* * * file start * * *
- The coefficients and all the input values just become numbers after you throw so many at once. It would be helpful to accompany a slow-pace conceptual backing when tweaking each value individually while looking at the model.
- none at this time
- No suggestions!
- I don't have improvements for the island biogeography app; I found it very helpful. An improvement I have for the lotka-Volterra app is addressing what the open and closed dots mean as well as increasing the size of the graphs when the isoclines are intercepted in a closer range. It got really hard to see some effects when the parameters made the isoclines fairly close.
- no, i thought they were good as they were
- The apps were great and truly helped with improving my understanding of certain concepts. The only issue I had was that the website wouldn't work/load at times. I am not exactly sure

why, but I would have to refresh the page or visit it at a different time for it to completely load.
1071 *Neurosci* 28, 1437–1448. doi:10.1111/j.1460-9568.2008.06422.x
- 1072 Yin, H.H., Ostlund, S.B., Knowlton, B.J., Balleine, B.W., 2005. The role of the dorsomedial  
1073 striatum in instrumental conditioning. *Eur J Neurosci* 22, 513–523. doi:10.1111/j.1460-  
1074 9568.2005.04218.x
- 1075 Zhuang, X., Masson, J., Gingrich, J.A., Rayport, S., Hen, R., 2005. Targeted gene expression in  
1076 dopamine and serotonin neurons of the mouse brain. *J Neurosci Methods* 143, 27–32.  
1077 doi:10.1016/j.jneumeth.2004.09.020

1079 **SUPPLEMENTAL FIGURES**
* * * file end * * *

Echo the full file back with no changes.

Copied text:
- The coefficients and all the input values just become numbers after you throw so many at once. It would be helpful to accompany a slow-pace conceptual backing when tweaking each value individually while looking at the model.
- none at this time
- No suggestions!
- I don't have improvements for the island biogeography app; I found it very helpful. An improvement I have for the lotka-Volterra app is addressing what the open and closed dots mean as well as increasing the size of the graphs when the isoclines are intercepted in a closer range. It got really hard to see some effects when the parameters made the isoclines fairly close.
- no, i thought they were good as they were
- The apps were great and truly helped with improving my understanding of certain concepts. The only issue I had was that the website wouldn't work/load at times. I am not exactly sure

why, but I would have to refresh the page or visit it at a different time for it to completely load.
1071 *Neurosci* 28, 1437–1448. doi:10.1111/j.1460-9568.2008.06422.x
- 1072 Yin, H.H., Ostlund, S.B., Knowlton, B.J., Balleine, B.W., 2005. The role of the dorsomedial  
1073 striatum in instrumental conditioning. *Eur J Neurosci* 22, 513–523. doi:10.1111/j.1460-  
1074 9568.2005.04218.x
- 1075 Zhuang, X., Masson, J., Gingrich, J.A., Rayport, S., Hen, R., 2005. Targeted gene expression in  
1076 dopamine and serotonin neurons of the mouse brain. *J Neurosci Methods* 143, 27–32.  
1077 doi:10.1016/j.jneumeth.2004.09.020

1079 **SUPPLEMENTAL FIGURES**